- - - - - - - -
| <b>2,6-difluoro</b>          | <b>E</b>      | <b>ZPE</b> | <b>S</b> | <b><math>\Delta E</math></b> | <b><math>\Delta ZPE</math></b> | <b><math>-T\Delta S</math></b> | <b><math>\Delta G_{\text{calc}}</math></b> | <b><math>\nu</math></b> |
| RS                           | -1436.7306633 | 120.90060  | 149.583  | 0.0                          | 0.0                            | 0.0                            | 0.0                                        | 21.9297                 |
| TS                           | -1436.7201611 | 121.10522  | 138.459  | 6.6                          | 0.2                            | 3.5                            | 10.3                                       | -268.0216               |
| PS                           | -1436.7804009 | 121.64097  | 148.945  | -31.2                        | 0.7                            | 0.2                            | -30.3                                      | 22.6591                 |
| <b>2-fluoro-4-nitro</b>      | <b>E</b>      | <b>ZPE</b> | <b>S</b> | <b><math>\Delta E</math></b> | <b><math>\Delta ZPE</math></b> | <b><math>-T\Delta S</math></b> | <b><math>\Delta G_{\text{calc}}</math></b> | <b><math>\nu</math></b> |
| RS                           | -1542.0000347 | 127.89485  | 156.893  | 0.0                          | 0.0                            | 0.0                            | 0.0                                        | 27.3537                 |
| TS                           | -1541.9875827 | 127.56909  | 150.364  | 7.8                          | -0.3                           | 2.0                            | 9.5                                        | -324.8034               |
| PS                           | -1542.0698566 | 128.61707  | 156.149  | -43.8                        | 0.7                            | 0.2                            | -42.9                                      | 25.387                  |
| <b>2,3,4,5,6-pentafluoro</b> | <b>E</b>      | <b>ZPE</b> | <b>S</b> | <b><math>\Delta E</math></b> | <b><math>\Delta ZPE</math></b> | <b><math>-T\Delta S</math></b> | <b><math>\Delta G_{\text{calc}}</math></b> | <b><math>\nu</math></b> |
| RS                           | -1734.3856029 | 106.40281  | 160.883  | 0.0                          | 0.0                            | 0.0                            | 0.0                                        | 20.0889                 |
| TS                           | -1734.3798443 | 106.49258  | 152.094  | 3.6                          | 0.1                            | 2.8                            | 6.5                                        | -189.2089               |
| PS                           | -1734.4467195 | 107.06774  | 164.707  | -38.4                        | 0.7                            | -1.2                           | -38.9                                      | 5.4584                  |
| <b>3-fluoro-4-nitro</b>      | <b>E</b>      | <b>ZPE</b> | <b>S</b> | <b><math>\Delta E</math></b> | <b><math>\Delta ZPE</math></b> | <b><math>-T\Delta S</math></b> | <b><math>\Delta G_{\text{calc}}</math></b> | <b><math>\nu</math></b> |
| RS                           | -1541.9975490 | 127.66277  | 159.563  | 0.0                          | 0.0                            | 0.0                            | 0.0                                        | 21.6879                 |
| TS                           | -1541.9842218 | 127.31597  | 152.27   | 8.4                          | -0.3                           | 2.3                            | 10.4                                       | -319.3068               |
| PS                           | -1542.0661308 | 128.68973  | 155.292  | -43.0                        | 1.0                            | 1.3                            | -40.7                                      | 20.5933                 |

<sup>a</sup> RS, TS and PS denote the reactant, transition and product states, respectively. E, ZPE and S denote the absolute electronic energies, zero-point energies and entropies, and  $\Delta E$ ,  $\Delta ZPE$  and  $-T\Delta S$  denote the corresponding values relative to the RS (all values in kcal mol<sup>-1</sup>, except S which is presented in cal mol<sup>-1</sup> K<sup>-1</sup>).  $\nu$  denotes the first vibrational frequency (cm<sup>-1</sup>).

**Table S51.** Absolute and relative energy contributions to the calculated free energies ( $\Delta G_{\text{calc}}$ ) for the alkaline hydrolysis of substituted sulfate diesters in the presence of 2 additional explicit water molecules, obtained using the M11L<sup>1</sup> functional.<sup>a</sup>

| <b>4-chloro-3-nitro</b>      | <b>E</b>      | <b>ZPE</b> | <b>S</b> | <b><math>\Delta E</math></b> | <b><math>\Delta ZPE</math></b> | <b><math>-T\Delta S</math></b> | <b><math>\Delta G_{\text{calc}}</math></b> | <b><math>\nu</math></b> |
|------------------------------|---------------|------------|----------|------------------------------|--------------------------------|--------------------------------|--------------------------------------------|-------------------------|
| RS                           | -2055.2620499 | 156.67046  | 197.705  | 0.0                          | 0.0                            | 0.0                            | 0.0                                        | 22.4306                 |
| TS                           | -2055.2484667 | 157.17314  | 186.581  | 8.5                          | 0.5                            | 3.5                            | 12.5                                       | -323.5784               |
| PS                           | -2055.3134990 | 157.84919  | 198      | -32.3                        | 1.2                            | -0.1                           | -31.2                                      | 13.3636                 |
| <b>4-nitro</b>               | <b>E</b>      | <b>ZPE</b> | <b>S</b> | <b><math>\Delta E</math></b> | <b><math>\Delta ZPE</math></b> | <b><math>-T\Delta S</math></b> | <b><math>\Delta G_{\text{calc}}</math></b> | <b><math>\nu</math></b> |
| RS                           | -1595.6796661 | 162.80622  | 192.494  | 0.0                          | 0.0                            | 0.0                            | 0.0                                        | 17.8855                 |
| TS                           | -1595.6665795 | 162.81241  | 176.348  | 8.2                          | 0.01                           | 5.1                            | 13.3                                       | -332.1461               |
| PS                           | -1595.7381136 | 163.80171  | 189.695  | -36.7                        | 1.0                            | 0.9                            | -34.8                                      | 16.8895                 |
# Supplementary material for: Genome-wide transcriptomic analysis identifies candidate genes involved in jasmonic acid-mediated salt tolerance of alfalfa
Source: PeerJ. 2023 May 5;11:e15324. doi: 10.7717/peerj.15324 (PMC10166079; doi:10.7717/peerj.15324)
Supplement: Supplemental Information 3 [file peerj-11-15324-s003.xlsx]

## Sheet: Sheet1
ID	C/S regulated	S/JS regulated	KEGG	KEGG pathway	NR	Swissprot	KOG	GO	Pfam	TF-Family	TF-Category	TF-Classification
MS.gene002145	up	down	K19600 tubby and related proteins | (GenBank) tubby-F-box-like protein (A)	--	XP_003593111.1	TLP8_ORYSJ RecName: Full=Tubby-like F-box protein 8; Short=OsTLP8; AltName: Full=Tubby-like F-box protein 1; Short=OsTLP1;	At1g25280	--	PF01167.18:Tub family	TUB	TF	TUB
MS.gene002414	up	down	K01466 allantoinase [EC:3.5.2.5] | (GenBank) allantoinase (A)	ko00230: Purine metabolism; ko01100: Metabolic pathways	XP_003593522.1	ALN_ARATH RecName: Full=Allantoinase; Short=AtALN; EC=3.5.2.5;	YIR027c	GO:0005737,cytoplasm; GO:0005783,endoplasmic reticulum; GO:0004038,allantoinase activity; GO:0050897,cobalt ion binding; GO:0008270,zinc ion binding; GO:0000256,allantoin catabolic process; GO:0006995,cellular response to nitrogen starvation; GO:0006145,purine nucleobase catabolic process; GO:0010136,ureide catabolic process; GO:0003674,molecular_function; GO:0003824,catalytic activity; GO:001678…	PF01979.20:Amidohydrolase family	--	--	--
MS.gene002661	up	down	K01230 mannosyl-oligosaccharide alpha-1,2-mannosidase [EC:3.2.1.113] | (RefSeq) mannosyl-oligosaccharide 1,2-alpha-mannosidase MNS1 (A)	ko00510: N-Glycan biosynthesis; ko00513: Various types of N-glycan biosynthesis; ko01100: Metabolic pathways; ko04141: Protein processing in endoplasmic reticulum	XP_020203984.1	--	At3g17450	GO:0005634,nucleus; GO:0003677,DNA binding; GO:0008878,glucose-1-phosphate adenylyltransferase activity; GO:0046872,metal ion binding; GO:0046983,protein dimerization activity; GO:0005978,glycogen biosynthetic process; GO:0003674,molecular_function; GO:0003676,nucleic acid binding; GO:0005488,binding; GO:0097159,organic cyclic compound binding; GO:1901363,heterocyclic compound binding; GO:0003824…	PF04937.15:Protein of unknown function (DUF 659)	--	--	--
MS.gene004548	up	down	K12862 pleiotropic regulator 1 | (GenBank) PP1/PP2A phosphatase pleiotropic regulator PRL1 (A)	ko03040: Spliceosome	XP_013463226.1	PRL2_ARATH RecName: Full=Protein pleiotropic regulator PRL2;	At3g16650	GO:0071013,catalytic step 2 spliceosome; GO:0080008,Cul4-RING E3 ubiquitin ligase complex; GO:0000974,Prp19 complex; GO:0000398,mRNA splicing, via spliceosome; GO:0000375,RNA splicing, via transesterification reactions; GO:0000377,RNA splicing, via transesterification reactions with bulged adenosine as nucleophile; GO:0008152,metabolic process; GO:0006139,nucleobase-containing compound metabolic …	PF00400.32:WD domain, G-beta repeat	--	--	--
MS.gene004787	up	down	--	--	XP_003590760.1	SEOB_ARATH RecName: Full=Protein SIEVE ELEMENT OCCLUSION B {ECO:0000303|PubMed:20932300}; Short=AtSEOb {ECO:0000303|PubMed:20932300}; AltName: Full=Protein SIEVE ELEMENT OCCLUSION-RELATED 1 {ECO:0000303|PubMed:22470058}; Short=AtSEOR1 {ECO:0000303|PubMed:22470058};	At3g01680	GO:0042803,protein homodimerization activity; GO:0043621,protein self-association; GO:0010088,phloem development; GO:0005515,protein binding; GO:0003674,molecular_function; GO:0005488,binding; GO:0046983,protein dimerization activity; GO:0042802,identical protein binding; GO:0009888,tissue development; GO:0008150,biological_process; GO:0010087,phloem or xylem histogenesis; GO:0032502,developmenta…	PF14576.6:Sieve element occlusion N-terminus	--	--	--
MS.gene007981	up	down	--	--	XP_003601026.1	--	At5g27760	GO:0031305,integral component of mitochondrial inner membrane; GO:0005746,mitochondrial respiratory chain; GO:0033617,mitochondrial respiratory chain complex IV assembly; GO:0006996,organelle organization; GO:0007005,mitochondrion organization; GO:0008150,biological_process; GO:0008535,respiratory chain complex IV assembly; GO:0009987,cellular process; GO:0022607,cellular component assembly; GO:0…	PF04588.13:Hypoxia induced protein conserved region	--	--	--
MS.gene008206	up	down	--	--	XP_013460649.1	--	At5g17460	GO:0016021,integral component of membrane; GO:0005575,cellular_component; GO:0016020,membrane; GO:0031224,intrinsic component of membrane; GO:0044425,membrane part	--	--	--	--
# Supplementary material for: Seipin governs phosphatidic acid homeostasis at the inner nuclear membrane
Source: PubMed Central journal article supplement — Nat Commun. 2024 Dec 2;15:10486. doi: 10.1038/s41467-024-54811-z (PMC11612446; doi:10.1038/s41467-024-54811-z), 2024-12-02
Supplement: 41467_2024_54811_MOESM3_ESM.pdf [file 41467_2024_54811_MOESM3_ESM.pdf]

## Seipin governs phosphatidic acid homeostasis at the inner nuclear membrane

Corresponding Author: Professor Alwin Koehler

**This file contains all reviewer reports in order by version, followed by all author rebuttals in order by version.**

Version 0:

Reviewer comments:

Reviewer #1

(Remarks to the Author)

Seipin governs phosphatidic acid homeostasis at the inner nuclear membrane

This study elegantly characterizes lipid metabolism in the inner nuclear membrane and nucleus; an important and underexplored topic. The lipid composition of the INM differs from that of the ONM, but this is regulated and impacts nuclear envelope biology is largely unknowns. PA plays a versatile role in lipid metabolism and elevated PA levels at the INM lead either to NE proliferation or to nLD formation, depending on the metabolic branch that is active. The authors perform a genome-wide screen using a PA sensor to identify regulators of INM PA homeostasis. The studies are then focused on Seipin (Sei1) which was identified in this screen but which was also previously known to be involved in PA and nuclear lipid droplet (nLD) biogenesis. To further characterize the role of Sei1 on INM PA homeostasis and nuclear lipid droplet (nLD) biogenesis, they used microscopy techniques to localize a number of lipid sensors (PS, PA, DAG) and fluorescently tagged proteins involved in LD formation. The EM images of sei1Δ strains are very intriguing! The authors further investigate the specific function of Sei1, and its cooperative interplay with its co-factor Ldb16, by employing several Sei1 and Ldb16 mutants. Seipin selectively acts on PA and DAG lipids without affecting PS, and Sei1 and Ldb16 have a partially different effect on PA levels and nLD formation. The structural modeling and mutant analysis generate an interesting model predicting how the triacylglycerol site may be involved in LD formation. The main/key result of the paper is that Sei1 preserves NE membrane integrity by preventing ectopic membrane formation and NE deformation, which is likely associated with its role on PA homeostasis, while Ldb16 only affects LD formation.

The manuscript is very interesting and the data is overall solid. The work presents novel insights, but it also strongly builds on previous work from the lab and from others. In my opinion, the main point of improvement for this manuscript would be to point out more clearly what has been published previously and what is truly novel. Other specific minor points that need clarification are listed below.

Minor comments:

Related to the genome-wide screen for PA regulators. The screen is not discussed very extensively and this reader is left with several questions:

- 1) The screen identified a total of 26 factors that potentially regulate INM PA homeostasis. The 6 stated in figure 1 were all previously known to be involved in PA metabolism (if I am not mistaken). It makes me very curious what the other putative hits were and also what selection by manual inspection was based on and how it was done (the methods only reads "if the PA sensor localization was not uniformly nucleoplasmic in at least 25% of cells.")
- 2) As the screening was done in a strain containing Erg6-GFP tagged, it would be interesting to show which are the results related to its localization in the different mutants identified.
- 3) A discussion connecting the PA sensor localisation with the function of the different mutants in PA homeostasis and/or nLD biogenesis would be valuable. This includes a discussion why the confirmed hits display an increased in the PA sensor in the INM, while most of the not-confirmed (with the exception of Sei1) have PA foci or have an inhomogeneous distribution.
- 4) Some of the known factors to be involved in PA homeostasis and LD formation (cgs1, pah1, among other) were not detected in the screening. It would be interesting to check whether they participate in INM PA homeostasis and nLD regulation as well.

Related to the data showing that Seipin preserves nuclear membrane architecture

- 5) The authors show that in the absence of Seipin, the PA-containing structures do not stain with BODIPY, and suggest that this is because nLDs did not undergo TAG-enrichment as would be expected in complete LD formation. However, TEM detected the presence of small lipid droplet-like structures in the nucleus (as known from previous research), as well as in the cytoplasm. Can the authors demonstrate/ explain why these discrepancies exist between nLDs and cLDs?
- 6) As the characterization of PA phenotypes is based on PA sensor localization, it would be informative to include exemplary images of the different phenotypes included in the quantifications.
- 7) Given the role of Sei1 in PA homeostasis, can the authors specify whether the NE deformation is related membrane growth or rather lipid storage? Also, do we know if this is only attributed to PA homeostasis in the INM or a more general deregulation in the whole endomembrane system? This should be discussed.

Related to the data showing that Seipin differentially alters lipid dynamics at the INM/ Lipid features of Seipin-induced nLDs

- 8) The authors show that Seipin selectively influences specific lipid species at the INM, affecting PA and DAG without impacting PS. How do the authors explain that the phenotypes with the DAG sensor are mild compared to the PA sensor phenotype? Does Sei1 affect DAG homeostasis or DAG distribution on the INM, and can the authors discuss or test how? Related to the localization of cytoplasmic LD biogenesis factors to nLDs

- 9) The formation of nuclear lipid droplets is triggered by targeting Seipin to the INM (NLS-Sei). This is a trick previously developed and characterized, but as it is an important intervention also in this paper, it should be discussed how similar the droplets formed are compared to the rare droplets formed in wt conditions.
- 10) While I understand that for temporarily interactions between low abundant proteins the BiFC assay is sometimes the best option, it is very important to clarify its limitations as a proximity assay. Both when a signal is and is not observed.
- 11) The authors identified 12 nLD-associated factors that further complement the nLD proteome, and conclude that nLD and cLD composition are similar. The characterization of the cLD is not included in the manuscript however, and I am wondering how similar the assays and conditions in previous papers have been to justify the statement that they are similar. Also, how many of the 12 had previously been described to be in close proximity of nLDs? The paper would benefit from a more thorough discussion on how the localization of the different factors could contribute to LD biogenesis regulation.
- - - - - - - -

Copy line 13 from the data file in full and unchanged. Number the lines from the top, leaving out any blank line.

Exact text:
| <b>3-fluoro-4-nitro</b>      | <b>E</b>      | <b>ZPE</b> | <b>S</b> | <b><math>\Delta E</math></b> | <b><math>\Delta ZPE</math></b> | <b><math>-T\Delta S</math></b> | <b><math>\Delta G_{\text{calc}}</math></b> | <b><math>\nu</math></b> |